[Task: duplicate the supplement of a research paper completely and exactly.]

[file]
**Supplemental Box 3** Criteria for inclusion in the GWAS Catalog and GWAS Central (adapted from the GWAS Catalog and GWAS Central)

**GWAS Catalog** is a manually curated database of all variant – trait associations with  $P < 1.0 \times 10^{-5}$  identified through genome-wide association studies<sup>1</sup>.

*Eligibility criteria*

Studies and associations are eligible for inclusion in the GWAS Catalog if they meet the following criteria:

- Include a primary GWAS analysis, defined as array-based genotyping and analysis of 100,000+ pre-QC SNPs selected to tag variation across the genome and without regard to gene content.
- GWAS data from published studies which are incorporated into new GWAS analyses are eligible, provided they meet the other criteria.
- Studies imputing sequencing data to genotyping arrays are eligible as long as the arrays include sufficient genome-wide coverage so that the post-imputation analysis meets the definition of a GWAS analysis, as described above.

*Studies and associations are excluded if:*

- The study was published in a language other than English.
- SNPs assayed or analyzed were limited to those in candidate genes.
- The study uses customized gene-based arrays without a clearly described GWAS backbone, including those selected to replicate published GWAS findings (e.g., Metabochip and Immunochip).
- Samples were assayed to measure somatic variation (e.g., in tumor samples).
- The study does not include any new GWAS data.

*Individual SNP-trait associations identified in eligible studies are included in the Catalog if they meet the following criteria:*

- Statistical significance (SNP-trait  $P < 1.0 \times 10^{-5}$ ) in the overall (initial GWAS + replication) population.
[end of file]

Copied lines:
**Supplemental Box 3** Criteria for inclusion in the GWAS Catalog and GWAS Central (adapted from the GWAS Catalog and GWAS Central)

**GWAS Catalog** is a manually curated database of all variant – trait associations with  $P < 1.0 \times 10^{-5}$  identified through genome-wide association studies<sup>1</sup>.

*Eligibility criteria*

Studies and associations are eligible for inclusion in the GWAS Catalog if they meet the following criteria:

- Include a primary GWAS analysis, defined as array-based genotyping and analysis of 100,000+ pre-QC SNPs selected to tag variation across the genome and without regard to gene content.
- GWAS data from published studies which are incorporated into new GWAS analyses are eligible, provided they meet the other criteria.
- Studies imputing sequencing data to genotyping arrays are eligible as long as the arrays include sufficient genome-wide coverage so that the post-imputation analysis meets the definition of a GWAS analysis, as described above.

*Studies and associations are excluded if:*

- The study was published in a language other than English.
- SNPs assayed or analyzed were limited to those in candidate genes.
- The study uses customized gene-based arrays without a clearly described GWAS backbone, including those selected to replicate published GWAS findings (e.g., Metabochip and Immunochip).
- Samples were assayed to measure somatic variation (e.g., in tumor samples).
- The study does not include any new GWAS data.

*Individual SNP-trait associations identified in eligible studies are included in the Catalog if they meet the following criteria:*

- Statistical significance (SNP-trait  $P < 1.0 \times 10^{-5}$ ) in the overall (initial GWAS + replication) population.